Soccer Coach A Master At Juggling Events

By Alison Mitchell

Planner Q&A

Long-time soccer coach Charlie Slagle now devotes his time to the Capital Area Soccer League (CASL) in Raleigh, N.C. CASL provides a fun and safe environment for area youth to play soccer, according to Slagle.

“Our mission is to teach a sport that helps build character and gives the players a sense of worth and also teaches the advantages and camaraderie of being on and competing with a team,” said Slagle, CEO for CASL.CASL serves about 9,000 players each year and hosts national tournaments as well as ACC and NCAA Division I men’s and women’s tournaments.
Slagle sat down with SportsEvents to talk about running a non-profit soccer organization and what it’s like to juggle so many events.

Q: Please tell us about your job with the Capital Area Soccer League (CASL).

Before joining CASL I was the men’s soccer coach at Davidson College for 21 years. I will finish my ninth year at CASL on Aug. 1. I love the interaction with the various entities that care about soccer in the area and around the region and country. From players to coaches, to parents, to soccer administrators, to the CASL staff and the CASL board, the interaction with dedicated individuals makes my job enjoyable.

Q: How is CASL structured?

We have about 9,000 players playing at three main levels in CASL. It is a full-service club where there is a place for all ages and levels of players. We have recreation soccer for 4-year-olds all the way to 18-year-olds. We have a middle level, our challenge level, for ages 9 to 18 where we have our own league. Mainly parent coaches, who are not paid for their coaching services, coach these teams.

Our highest competitive level is our classic level for ages 8 through 18, where we have paid coaches and teams are picked as first teams then second teams, etc.
We have a variety of employees whose jobs encompass league registration, coaching, scheduling, IT, field maintenance, finance, customer relations, tournaments, etc. My job is to let these experienced employees to do their job while making informed decisions for the league.

Q: Tell us about some of the tournaments and events you plan.

We run many tournaments with the most prominent being the CASL National Soccer Series presented by Chelsea Football Club. This four-weekend tournament draws about 1,100 teams annually from 45 states and provides an economic impact to the Triangle area of around $10 million annually.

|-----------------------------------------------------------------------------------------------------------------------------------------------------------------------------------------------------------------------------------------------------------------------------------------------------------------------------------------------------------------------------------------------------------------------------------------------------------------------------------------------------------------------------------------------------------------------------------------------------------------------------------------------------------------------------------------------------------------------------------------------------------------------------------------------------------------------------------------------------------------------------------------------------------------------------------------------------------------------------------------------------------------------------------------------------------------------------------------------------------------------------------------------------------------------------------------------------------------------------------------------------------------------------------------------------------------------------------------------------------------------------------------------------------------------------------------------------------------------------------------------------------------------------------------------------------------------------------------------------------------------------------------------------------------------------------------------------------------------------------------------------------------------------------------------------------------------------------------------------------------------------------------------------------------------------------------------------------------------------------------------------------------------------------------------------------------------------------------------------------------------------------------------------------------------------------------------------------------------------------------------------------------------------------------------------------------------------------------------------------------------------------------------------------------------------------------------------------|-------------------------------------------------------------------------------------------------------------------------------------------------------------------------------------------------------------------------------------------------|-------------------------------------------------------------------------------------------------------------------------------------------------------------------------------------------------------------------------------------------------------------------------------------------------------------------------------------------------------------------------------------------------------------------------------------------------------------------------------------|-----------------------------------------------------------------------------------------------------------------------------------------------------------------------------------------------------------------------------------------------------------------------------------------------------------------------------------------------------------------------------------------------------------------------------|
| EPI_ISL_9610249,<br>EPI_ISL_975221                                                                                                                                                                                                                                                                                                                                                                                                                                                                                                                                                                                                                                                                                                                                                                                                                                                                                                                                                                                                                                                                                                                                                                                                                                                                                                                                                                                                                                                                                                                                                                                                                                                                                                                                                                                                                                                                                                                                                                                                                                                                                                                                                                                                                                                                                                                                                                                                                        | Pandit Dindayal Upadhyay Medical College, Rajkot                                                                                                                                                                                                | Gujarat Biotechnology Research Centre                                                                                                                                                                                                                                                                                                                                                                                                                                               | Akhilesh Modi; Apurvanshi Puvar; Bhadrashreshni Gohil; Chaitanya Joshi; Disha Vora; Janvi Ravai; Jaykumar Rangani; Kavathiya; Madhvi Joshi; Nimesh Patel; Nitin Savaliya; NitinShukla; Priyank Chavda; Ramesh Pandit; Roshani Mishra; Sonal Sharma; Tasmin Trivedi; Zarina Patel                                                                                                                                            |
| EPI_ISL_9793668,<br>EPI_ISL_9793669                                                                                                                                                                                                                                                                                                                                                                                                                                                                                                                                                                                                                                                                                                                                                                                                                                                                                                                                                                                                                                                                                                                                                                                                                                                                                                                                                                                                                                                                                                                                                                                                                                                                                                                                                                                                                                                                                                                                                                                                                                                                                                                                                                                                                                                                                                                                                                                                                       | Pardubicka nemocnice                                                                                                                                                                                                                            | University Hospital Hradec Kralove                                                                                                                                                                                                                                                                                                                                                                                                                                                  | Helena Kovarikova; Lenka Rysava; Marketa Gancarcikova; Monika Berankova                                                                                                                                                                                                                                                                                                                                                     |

During our annual College Showcases, almost 1,000 coaches come to watch for future stars. We have also hosted US Youth Soccer events such as the regionals and the finals of the President’s Cup.

CASL also helps host the ACC Men’s and Women’s Soccer Tournaments annually and has hosted the NCAA Division I Men’s or Women’s College Cup (Final Four) for the last eight years.

CASL owns and maintains the 20+-field WRAL Soccer Center, which is the largest venue that the league uses for weekly games and tournaments.
We have many events going on in the fall and in the spring. We have some down times in the summer and winter as we only do outside soccer. We host about 350 league games every weekend in the spring and fall.

It is great to go to our multiple field sites and see kids of all ages and abilities playing on adjoining fields with the common threads being a soccer ball and youth having fun. On weekday afternoons and nights, those same fields are full of teams practicing for their weekend games. For the players, the games are the fun part of the week, but those practices build good soccer and life habits that, hopefully, carry on into the future.

Q: What do kids and coaches learn from your training opportunities?

Participants at our camps and academies get additional soccer training in a fun setting without the onus of worrying about their status on a team. It is always good for players to get coaching from different individuals other than their primary coach.

Camps for younger players are aimed at having fun through the game of soccer. It is a time to meet new friends and enjoy time away from family while doing something the youngster enjoys.

Coaches should always seek a learning experience be it a coaches’ clinic, licensing class or just watching other coaches coach. A coach can learn how to deal with a certain age bracket psychologically as well as what motivates their charges to become better players.